Here's a quick way to check for the echo level: hold a tall drinking glass in one hand. In the other hand hold a metal teaspoon. Tap the glass with the teaspoon several times while you're walking around in various parts of the room. If you'll hear anything more than a clean and neutral "cling" (generated by the glass), you need to reduce the echo that is arriving in that particular spot.

    My Gear:
    Yamaha RX-V479 Wi-Fi AV network player & receiver
    Sony BDP-S7200B Blu-Ray Player 3D 4K Wi-Fi
    Front speakers: DLS Flatbox Large (Sweden)
    Surround speakers: Taga Harmony TOS-315
    Subwoofer: DLS Flatsub Midi
    TV: Philips 49PUS7100-12
    P1020106-119-b Panorama.jpg
    Room Specs:
    Location: ground floor of a 10 story-high condominium building
    Surface: 190 sq. feet (17.7 sq. meters)
    Length: 17 feet (5.20 meters)
    Width: 11.16 feet (3.40 meters)
    Room height: 8.2 feet (2.5 meters)
    Build: concrete walls.

    Thank you for reading. Have you built a home cinema or improved the sound in your home's audition room? What materials and sound gear did you use?
     
    Last edited: Jun 12, 2016
  2. BM08

    BM08
    Active Member

    Joined:
    Jun 24, 2012
    Messages:
    885
    Products Owned:
    0
    Products Wanted:
    0
    Trophy Points:
    46
    Location:
    West Midlands, UK
    Ratings:
    +165
    That looks fantastic, love the colours you've used and what you've done to the room.

    Great tips and advice aswell, I'm sure it could help a lot of people out.
     
  3. Marc71

    Marc71
    Novice Member

    Joined:
    Jun 8, 2016
    Messages:
    15
    Products Owned:
    0
    Products Wanted:
    0
    Trophy Points:
    4
    Location:
    Europe
    Ratings:
    +6
    Thank you BM08.
     
  4. geogan

    geogan
    Well-known Member

    Joined:
    Nov 28, 2005
    Messages:
    1,274
    Products Owned:
    25
    Products Wanted:
    12
    Trophy Points:
    117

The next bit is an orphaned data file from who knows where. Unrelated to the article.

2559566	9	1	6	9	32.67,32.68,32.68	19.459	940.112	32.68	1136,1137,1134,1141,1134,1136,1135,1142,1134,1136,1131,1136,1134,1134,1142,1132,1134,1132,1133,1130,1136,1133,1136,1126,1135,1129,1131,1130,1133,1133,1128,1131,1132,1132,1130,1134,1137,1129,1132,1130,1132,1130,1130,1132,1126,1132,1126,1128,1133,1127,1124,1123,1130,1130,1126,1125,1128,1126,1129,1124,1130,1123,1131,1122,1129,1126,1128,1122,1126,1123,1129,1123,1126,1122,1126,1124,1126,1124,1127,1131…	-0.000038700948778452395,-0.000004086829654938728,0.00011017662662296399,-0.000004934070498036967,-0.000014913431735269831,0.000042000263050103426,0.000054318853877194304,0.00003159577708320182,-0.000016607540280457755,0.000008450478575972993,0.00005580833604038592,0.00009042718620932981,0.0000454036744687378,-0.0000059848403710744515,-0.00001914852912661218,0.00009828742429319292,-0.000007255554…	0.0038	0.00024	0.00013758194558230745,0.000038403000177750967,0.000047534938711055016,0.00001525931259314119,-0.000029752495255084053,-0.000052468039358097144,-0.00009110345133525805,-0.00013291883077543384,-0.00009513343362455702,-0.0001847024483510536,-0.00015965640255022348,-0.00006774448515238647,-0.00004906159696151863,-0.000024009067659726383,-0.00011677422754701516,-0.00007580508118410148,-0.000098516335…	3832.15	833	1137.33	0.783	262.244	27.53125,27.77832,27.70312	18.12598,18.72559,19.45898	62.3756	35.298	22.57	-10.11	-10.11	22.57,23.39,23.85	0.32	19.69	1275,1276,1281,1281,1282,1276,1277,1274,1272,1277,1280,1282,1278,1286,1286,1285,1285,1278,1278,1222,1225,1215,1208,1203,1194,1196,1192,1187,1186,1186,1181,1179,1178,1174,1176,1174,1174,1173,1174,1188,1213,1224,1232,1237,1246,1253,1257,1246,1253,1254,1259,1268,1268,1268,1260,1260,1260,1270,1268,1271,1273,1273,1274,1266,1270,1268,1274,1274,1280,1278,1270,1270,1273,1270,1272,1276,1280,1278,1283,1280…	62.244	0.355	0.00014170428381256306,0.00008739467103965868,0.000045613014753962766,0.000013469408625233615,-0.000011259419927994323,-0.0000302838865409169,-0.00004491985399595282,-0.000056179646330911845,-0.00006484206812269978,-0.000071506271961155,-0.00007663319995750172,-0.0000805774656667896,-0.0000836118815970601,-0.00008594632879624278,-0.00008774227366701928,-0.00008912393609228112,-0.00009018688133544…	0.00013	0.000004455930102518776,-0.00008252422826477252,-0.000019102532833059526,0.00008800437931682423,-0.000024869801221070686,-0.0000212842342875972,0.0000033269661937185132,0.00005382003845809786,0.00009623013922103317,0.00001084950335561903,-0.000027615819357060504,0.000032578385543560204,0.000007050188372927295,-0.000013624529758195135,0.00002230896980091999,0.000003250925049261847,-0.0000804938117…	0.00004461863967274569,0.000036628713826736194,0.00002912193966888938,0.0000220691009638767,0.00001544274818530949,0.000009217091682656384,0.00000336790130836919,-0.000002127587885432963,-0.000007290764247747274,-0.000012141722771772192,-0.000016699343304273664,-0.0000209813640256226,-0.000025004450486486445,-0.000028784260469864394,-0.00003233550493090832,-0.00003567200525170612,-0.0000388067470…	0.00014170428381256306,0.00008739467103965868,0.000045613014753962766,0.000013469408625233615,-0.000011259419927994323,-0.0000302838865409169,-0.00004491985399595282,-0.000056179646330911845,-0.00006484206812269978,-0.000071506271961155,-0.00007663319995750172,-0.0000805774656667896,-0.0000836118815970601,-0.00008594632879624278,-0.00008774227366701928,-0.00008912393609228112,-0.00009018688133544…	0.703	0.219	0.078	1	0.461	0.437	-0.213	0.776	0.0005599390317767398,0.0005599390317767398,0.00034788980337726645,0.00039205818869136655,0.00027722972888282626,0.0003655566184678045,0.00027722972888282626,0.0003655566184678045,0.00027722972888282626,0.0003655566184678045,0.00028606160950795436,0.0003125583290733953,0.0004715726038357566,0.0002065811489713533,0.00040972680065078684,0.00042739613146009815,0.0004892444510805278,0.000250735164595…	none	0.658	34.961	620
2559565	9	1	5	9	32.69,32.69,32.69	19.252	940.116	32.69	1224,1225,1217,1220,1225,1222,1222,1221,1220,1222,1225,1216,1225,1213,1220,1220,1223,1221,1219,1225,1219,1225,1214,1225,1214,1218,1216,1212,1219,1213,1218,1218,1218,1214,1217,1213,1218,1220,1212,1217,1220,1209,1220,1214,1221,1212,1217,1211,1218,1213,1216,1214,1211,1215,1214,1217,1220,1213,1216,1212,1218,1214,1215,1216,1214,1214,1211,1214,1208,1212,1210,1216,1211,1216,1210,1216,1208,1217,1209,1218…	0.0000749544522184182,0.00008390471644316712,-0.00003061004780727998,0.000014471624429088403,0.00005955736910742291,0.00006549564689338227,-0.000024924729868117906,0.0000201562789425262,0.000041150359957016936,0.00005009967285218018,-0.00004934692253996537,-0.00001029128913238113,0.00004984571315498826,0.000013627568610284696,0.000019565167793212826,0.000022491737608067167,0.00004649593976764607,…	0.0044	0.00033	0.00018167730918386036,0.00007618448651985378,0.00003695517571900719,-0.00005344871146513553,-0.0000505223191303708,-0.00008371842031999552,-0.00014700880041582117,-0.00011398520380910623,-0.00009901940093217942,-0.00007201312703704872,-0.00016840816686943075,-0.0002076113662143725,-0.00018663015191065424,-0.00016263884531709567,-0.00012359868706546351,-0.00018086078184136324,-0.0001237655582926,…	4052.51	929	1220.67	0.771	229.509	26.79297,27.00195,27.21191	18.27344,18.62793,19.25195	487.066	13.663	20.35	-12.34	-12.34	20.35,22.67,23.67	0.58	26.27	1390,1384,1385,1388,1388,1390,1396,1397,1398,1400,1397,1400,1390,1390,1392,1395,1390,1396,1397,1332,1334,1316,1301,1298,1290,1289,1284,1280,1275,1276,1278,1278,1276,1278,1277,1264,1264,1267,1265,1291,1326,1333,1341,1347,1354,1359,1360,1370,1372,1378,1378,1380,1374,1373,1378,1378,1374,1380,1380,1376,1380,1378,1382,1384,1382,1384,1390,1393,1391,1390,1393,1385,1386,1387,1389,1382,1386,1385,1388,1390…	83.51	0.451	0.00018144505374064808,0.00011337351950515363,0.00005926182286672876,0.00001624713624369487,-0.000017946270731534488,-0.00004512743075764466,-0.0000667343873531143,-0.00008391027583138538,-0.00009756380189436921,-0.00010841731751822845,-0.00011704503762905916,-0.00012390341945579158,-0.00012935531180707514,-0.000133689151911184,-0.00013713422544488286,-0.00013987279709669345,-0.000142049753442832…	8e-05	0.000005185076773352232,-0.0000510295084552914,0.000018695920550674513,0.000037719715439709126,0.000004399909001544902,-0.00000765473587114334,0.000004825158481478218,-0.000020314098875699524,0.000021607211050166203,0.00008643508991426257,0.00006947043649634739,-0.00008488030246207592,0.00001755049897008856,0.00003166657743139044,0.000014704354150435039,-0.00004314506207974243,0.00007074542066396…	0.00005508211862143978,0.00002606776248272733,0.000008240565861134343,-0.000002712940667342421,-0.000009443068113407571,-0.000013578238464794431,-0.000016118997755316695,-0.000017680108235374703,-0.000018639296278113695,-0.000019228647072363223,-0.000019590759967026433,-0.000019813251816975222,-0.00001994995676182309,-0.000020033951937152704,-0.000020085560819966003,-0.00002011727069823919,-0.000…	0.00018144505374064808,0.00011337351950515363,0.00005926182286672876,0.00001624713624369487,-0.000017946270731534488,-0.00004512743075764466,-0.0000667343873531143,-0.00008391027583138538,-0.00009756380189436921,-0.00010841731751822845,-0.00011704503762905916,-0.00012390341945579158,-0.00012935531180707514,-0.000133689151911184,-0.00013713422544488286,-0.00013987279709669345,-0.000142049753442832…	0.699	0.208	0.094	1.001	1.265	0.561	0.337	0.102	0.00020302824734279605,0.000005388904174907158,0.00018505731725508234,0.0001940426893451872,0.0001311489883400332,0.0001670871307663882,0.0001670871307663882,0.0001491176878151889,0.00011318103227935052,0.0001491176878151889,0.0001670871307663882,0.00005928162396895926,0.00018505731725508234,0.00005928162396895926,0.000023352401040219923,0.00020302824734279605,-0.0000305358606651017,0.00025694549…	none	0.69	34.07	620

Location:
    Ireland
    Ratings:
    +597
    Lovely interior design you did in the room there.

    I should really do this. I have an Ikea table in front of the couch that has a glass table top and I'm sure it causes some sort of comb filtering coming from centre speaker which I have to leave more or less on ground level under screen.

    Of course - that's how Dolby atmos upfiring speakers work :)

    Very hard to avoid fireplaces when every single builder in my country puts one by default in the sitting room even if you don't want it - if I had my way when I bought the house new I would have left out the fireplace altogether - it even gets in the way of placement of PJ in centre of room.

    Similar size to mine 4.8 x 4.8 x 2.5

    I wonder exaclty what frequency range the cork boards actually attenuate - i'd say it is just the high frequencies - as we all know low bass frequencies are almost impossible to attenuate without huge amounts of very dense material.

    As you said, if you do anything at all then the side, floor and ceiling first reflection points would be the places to start to improve dialog reproduction from center.
     
  5. Marc71

    Marc71
    Novice Member

    Joined:
    Jun 8, 2016
    Messages:
    15
    Products Owned:
    0
    Products Wanted:
    0
    Trophy Points:
    4
    Location:
    Europe
    Ratings:
    +6
    Hi @geogan, thanks for the compliment.
    Regarding your Ikea glass top table; one way to improve things is to cover it's edges with U Shape Glass Table Corners:

    U Shape Glass Table Corners.jpg

    ...then cover the top with some felt (or other kind of) table protector. When use in tandem, they'll do wonders when it comes to sound reflection and distortions.

    Felt Table Protector.jpg

    > Of course - that's how Dolby atmos upfiring speakers work :)

    Well, in theory, the Atmos up-firing speakers should work nicely. However, while being an 'old-school' kind of listener, I say the audiophile sound quality is such an intricate, delicate and personal-sensitive matter that I would not dare to entrust my sound coming from any reflective surface, including...the ceiling. I come from the group that believes listening to reflected sound is like watching sexy movies instead of doing it in real life ;)

    > Very hard to avoid fireplaces when every single builder in my country
    > puts one by default in the sitting room even if you don't want it

    Solution: custom build a cabinet (furniture) around the fireplace, then cover it with sound proof materials - including cork.